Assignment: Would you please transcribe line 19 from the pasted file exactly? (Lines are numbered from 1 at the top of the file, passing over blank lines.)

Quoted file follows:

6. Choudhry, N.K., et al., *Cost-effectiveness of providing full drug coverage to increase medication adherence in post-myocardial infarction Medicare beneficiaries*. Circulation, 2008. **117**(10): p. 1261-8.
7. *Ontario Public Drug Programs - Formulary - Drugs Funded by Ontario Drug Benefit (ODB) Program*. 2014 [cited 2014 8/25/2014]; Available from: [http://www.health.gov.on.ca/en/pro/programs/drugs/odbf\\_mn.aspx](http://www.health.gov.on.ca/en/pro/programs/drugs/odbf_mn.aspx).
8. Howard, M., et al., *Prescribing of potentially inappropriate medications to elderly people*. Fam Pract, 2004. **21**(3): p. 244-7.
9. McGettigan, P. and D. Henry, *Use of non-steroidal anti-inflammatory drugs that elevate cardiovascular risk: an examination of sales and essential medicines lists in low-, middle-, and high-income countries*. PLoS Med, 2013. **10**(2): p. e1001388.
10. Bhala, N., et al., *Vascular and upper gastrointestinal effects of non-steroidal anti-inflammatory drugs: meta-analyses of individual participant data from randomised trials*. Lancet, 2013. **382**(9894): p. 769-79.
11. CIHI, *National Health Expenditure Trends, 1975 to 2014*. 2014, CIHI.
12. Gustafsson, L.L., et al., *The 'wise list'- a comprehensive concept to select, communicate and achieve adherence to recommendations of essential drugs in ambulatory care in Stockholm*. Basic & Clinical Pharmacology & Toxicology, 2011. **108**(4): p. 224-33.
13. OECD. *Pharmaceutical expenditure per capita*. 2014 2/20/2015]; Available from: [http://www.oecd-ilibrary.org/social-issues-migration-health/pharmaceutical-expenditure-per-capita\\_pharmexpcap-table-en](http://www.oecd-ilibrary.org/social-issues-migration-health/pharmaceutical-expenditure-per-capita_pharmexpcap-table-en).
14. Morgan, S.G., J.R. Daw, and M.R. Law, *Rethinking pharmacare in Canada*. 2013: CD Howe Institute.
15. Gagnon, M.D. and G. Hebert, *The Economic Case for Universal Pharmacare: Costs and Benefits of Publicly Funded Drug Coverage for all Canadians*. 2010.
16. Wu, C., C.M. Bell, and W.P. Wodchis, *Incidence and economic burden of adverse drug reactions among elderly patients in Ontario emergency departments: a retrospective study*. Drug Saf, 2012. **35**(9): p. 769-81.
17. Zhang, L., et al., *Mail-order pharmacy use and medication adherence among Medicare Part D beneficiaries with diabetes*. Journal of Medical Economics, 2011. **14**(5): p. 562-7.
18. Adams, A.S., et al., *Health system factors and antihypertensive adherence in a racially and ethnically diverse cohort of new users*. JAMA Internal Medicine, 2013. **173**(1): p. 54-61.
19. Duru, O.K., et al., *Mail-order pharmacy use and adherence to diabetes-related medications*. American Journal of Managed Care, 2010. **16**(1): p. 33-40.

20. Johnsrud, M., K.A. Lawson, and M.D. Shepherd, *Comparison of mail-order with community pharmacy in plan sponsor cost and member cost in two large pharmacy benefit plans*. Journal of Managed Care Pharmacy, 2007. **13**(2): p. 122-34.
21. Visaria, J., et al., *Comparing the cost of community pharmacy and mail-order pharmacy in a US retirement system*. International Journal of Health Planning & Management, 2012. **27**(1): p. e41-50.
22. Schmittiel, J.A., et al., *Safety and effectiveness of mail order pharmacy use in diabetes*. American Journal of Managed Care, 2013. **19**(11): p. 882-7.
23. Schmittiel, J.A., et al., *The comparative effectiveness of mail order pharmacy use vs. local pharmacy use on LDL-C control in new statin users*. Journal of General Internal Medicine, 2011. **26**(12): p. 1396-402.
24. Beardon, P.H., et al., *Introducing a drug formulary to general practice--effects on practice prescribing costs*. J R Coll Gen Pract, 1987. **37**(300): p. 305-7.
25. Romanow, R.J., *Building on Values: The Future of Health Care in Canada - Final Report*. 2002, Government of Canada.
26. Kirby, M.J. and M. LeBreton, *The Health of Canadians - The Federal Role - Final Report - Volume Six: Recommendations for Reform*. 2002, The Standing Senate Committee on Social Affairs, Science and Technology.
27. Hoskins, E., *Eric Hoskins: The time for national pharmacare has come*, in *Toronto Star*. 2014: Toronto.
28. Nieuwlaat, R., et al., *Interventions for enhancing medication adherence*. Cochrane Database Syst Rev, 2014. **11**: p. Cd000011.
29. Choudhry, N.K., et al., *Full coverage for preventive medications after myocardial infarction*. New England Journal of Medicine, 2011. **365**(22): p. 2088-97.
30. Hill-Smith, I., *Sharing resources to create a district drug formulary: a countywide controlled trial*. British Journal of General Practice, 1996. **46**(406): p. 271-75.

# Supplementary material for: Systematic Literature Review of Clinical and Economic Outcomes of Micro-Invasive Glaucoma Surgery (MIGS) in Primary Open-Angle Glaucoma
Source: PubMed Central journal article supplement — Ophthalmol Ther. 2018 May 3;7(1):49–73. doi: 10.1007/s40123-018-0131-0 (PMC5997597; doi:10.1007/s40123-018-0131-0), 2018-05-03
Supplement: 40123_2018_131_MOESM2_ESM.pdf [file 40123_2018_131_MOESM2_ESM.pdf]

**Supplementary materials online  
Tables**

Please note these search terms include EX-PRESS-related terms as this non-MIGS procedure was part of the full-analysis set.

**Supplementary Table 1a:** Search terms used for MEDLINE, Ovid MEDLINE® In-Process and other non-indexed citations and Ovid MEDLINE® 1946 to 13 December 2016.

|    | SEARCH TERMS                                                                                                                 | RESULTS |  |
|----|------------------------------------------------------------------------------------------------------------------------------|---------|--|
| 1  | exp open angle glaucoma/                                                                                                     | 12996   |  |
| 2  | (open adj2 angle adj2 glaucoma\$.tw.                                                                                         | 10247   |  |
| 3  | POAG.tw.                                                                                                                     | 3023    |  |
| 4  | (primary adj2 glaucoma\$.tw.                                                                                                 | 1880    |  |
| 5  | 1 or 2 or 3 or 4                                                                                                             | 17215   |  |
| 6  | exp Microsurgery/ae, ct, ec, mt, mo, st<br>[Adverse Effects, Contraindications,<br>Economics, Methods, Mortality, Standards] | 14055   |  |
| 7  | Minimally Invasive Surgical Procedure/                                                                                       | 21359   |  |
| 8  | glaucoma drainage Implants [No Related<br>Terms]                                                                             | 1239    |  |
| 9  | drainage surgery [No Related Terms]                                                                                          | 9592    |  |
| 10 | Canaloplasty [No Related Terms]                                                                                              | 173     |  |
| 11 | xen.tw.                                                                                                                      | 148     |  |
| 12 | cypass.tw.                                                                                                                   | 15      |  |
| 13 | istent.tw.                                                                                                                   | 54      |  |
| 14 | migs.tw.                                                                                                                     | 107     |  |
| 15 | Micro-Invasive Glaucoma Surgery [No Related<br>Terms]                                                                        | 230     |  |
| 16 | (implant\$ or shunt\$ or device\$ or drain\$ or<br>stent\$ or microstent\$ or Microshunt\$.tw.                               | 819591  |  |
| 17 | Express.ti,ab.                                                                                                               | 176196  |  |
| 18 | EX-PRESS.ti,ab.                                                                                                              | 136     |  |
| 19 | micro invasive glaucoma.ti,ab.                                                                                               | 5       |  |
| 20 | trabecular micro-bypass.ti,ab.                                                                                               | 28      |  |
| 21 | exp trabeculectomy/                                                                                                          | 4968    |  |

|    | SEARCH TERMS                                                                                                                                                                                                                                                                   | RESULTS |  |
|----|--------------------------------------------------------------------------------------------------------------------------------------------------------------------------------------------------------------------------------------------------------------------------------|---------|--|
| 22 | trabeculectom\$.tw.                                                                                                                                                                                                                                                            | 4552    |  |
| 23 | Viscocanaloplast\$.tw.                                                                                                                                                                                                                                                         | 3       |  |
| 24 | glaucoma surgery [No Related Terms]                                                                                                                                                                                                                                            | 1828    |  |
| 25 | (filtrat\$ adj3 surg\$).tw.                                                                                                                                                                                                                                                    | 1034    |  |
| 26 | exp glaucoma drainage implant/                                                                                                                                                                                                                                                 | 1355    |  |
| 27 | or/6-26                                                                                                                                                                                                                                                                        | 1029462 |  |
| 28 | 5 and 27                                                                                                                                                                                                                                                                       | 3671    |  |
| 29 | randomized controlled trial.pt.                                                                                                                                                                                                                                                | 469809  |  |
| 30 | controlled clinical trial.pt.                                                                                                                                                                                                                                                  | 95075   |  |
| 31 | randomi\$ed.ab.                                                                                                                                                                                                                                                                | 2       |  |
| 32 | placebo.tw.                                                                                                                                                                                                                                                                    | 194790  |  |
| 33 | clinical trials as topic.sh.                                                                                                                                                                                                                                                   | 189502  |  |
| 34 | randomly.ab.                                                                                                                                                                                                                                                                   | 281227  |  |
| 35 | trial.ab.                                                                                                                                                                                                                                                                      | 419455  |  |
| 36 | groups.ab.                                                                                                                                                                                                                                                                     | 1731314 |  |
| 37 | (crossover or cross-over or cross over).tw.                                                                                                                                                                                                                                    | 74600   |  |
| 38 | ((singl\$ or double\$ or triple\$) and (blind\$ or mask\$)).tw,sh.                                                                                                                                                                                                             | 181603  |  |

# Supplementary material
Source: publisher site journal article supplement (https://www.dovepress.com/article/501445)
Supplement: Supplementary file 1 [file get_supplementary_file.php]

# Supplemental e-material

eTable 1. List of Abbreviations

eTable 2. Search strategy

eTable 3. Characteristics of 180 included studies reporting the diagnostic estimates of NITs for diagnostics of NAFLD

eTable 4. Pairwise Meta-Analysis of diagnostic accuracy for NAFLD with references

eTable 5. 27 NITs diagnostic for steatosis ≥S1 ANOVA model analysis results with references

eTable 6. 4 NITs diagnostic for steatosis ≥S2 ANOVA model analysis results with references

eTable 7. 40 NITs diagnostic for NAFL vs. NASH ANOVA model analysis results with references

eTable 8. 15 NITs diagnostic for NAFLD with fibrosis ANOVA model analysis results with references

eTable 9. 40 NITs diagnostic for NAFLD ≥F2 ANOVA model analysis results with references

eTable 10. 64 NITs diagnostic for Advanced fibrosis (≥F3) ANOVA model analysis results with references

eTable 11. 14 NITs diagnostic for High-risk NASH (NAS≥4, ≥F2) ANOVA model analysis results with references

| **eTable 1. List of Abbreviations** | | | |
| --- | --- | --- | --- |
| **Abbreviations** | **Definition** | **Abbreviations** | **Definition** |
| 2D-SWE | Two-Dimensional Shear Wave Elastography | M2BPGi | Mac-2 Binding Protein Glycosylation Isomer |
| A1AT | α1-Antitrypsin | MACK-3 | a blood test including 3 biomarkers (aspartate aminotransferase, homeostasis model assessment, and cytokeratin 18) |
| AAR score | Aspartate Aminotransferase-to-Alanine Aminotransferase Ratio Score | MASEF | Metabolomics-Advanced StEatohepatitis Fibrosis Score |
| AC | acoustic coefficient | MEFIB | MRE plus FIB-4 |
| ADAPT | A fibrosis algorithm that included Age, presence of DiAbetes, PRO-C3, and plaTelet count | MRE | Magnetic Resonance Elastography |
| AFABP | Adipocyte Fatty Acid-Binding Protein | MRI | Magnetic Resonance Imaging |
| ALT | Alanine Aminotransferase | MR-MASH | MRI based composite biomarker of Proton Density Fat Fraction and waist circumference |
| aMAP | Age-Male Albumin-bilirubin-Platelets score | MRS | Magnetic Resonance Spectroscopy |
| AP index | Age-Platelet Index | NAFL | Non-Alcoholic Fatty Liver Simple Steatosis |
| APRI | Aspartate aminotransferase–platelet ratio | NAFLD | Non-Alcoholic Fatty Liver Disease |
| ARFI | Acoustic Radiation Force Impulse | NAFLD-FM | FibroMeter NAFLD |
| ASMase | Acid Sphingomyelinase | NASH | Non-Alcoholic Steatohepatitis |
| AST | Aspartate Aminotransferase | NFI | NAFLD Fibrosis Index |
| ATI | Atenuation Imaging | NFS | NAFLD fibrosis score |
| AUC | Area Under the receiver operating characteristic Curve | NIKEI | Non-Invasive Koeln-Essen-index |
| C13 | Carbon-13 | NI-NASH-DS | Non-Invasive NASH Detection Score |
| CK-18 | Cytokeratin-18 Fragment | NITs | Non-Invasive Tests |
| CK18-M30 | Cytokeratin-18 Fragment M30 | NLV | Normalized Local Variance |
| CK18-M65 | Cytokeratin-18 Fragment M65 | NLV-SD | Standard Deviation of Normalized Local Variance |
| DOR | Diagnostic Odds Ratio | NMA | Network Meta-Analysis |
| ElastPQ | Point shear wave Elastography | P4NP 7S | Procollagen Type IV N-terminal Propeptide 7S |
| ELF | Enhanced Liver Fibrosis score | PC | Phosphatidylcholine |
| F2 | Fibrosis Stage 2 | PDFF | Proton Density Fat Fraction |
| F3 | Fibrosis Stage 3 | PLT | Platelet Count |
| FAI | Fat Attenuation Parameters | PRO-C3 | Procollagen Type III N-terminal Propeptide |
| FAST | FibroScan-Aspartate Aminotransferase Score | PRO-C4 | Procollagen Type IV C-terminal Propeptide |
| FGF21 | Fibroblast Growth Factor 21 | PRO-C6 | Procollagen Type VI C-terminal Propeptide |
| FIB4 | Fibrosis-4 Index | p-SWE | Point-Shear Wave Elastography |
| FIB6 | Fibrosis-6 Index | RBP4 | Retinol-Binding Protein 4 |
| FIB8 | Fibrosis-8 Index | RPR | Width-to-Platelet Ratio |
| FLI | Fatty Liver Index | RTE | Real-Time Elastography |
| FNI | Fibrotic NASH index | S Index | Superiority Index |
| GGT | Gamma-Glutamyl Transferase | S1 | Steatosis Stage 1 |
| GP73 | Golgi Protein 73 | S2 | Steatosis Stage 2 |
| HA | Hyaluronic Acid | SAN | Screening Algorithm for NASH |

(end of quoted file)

24. Beardon, P.H., et al., *Introducing a drug formulary to general practice--effects on practice prescribing costs*. J R Coll Gen Pract, 1987. **37**(300): p. 305-7.